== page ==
Wed, Oct 6, 2021 9:12 AM

Mako head north with an eye on history

Leicester Fainga'anuku looms as a key figure for the mako in its shield clash against the Magpies this wekekedn. Photo: Shuttersport (File)

Peter Jones

The Tasman Mako have climbed two of the highest peaks in New Zealand provincial rugby. Next weekend they will attempt to knock off the third.

In 2013 the Mako, in just their eighth season of existence, won the NPC championship title, beating Hawke’s Bay in Nelson.

Six seasons later they claimed their first premiership crown, beating Wellington at Trafalgar Park, then repeated the dose last year with victory over Auckland at Eden Park.

On Saturday, they will seek to add what some still view as the greatest prize in New Zealand provincial rugby, the Ranfurly Shield, to their ever-expanding trophy cabinet.

Standing in their way will be a red-hot Hawke’s Bay team, the match scheduled for 4.35pm at McLean Park, Napier.

Tasman’s Ranfurly Shield history is remarkably brief. They have challenged for the ‘Log of Wood’ rarely during the past 15 seasons. Through a combination of unlucky draws and untimely results they have had just two attempts to get their hands on the Shield, which was first played for in 1904.

Tasman’s first shot came at an interesting juncture in the fledgling province’s journey. In 2008, they took on Wellington at the Caketin, a day after the NZ Rugby Union handed them a stay of execution, after previously threatening to throw them out of top-level provincial rugby.

The resolute Mako responded in appropriate fashion, played with more cohesion than Wellington for much of the game, won 26-20 by the men from the capital.

The challengers led 6-3 at half-time, with a strong wind at their backs, prompting Lions coach Jamie Joseph to ring the changes in a bid to kick-start Wellington's faltering backline.

A Piri Weepu penalty and a try to Hosea Gear saw the holders move out to a 11-6 lead, but it was short-lived as Tasman halfback Kahn Fotuali'i squirrelled across for a try and captain Andrew Goodman converted to give Tasman a 13-11 lead with little more than 10 minutes to play.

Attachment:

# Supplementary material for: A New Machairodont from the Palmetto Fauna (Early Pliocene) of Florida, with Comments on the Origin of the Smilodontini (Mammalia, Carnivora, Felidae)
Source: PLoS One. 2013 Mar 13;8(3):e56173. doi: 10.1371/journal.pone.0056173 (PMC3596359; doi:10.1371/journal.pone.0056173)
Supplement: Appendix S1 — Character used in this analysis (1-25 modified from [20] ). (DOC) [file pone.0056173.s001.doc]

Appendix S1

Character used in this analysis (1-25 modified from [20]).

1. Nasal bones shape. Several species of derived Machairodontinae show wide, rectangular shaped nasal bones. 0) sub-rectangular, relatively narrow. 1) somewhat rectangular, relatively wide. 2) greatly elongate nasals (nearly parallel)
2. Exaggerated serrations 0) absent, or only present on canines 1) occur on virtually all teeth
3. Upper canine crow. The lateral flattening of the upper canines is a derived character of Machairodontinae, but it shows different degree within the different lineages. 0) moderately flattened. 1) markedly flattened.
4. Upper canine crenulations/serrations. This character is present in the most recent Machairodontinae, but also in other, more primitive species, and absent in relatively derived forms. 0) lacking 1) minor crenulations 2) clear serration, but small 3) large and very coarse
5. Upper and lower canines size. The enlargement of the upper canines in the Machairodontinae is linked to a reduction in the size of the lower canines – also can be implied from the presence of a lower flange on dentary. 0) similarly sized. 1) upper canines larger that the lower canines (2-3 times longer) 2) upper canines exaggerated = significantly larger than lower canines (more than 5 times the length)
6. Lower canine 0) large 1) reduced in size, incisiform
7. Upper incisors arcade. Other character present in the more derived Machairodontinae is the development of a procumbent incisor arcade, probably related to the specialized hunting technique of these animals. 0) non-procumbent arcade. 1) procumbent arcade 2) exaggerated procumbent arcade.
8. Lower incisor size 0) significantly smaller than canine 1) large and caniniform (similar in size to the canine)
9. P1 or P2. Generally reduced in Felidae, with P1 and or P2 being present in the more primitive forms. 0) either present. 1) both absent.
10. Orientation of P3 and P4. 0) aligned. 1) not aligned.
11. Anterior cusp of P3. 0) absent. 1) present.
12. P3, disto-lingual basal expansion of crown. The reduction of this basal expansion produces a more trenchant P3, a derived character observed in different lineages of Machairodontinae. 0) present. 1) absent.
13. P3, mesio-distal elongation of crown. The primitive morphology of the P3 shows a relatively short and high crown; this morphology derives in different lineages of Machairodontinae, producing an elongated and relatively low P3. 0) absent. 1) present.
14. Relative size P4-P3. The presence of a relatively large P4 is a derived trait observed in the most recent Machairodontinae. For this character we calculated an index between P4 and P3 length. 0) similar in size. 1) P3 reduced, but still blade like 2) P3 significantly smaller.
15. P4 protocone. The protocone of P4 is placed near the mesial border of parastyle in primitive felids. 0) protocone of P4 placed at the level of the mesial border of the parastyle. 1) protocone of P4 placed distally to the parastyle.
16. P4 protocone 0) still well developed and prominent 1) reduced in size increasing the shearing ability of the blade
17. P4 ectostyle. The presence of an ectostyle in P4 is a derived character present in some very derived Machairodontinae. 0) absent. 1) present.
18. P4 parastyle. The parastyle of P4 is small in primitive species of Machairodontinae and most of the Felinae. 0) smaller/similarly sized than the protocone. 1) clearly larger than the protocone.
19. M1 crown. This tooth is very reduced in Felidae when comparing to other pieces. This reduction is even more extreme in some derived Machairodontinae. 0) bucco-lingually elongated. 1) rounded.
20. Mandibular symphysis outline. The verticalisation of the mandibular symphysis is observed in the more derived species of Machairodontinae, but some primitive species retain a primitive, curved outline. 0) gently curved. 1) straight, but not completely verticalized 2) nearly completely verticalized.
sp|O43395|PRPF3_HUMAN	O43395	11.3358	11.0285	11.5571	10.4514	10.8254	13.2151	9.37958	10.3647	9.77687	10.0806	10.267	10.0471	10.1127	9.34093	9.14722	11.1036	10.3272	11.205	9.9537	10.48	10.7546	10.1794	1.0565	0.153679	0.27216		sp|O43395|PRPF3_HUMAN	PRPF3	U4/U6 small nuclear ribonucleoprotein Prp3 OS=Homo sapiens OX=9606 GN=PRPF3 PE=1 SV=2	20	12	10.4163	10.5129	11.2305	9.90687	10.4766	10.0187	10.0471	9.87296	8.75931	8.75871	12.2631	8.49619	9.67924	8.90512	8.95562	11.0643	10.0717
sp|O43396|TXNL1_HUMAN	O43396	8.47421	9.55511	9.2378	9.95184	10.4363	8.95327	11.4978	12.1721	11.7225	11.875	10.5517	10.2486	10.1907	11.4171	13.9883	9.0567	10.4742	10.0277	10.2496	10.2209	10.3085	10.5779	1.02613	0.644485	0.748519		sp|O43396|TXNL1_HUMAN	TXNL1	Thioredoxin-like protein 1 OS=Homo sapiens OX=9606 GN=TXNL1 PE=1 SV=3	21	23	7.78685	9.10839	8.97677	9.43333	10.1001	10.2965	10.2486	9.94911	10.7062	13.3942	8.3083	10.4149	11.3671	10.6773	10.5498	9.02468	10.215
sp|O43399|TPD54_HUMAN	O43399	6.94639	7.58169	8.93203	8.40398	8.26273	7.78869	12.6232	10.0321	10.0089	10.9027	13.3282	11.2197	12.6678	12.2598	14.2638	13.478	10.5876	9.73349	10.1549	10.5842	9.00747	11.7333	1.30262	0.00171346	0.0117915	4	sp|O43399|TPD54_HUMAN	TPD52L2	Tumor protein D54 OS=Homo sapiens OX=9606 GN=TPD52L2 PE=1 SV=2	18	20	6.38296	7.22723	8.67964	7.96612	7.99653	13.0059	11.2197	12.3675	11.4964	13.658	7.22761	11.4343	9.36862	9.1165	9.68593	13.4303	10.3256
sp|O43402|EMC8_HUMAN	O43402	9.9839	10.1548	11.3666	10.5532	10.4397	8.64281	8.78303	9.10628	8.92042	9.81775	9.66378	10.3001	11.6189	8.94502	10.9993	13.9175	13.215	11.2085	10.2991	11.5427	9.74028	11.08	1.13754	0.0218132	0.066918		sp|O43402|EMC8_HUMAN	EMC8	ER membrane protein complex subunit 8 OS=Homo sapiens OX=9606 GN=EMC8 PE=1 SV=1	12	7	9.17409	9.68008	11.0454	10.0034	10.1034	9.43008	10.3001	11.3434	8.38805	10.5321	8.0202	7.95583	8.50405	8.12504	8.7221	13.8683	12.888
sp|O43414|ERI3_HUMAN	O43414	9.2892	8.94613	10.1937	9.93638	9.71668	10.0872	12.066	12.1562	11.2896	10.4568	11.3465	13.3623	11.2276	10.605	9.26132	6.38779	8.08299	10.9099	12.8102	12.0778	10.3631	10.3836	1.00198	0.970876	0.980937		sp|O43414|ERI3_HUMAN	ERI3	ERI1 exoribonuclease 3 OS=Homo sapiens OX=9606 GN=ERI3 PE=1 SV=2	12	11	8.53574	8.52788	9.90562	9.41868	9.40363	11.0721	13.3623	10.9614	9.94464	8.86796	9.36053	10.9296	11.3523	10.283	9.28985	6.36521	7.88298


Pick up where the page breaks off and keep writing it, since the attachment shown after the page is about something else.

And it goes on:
Then came the match’s pivotal moment, Fotuali’i controversially sin-binned and Weepu knocking over the resulting penalty. Wellington captain Jeremy Thrush crashed over to score soon after and, with the conversion, Wellington moved 21-13 ahead.

No 8 Thomas Waldrom put the matter beyond doubt right on 80 minutes with Wellington's third try.

Although Tasman fought to the end, and scored through James Marshall to grab a bonus point, the shield remained in the capital.

After the union’s second challenge, against Taranaki in 2012, the question was asked, “How do you score five tries, 40 points and still lose a Ranfurly Shield challenge”?

In a thrilling, almost surreal clash at Yarrow Stadium in New Plymouth the home side prevailed 49-40 in a 10-try see-sawing epic.

The match was described as “an absolute stunner” featuring some brilliant tries, several constructed from long range.

After 40 minutes, 62 points had been scored, the holders scoring four first half tries, the challengers three.

The scoring deluge continued after the break. Trailing by four over the closing stages, the Mako opted not to kick at goal from penalties as Taranaki looked on the ropes.

However, they twice turned over possession while hot on attack and on another occasion were penalised right under Taranaki's posts when a try loomed.

Beauden Barrett put the issue beyond doubt with two minutes to play, scoring and converting, and the ‘Naki supporters breathed a huge sigh of relief as one of the most bizarre and entertaining matches in Shield history finished in their favour.

Tasman’s current head coach Andrew Goodman played in both challenges.

“We were right in the Wellington challenge then Kahn got a yellow card which was a bit of a rough call with 10-15 minutes to go,” he recalled.

“The Naki game was an amazing occasion and amazing build-up. We had gone into that season knowing we had the first challenge and we had just beaten a strong Canterbury team so we went up there with a lot of confidence.

“We were right in that game too. There were a couple of decisions we still look back on now and say, ‘what if?’, but it was just one of those games that was amazing to be a part of.”

Looking ahead, Andrew says Tasman are fortunate the cards have fallen Tasman’s way this season and they will get a third opportunity for Shield glory.

“The shield is very special … even after so many years. We will look back at the time Marlborough held the Shield and draw some inspiration from those special memories.

“I’m sure having a chance to make history will be in the players’ minds heading up to Napier. The intensity levels will be a big step up from week-to-week games … it’s going to be an exciting week.”

Previous challenges

Tasman v Wellington 2008

Wellington 26 (Gear, Thrush, Waldrom tries, Weepu con, 2 pens, Kirkpatrick pen) Tasman 20 (Fotuali'i, Marshall tries, Marshall 2 con, Nikora 2 pen). HT: 3-6 Tasman.

Tasman v Taranaki 2012

Taranaki 49 (Kurt Baker 2, Blade Thompson, Waisake Naholo, Beauden Barrett tries, Barrett 3 con, 6 pen) Tasman Makos 40 (Quentin MacDonald, James Lowe, Campbell Johnstone, Tim Perry, Robbie Malneek tries, Andrew Goodman 3 con)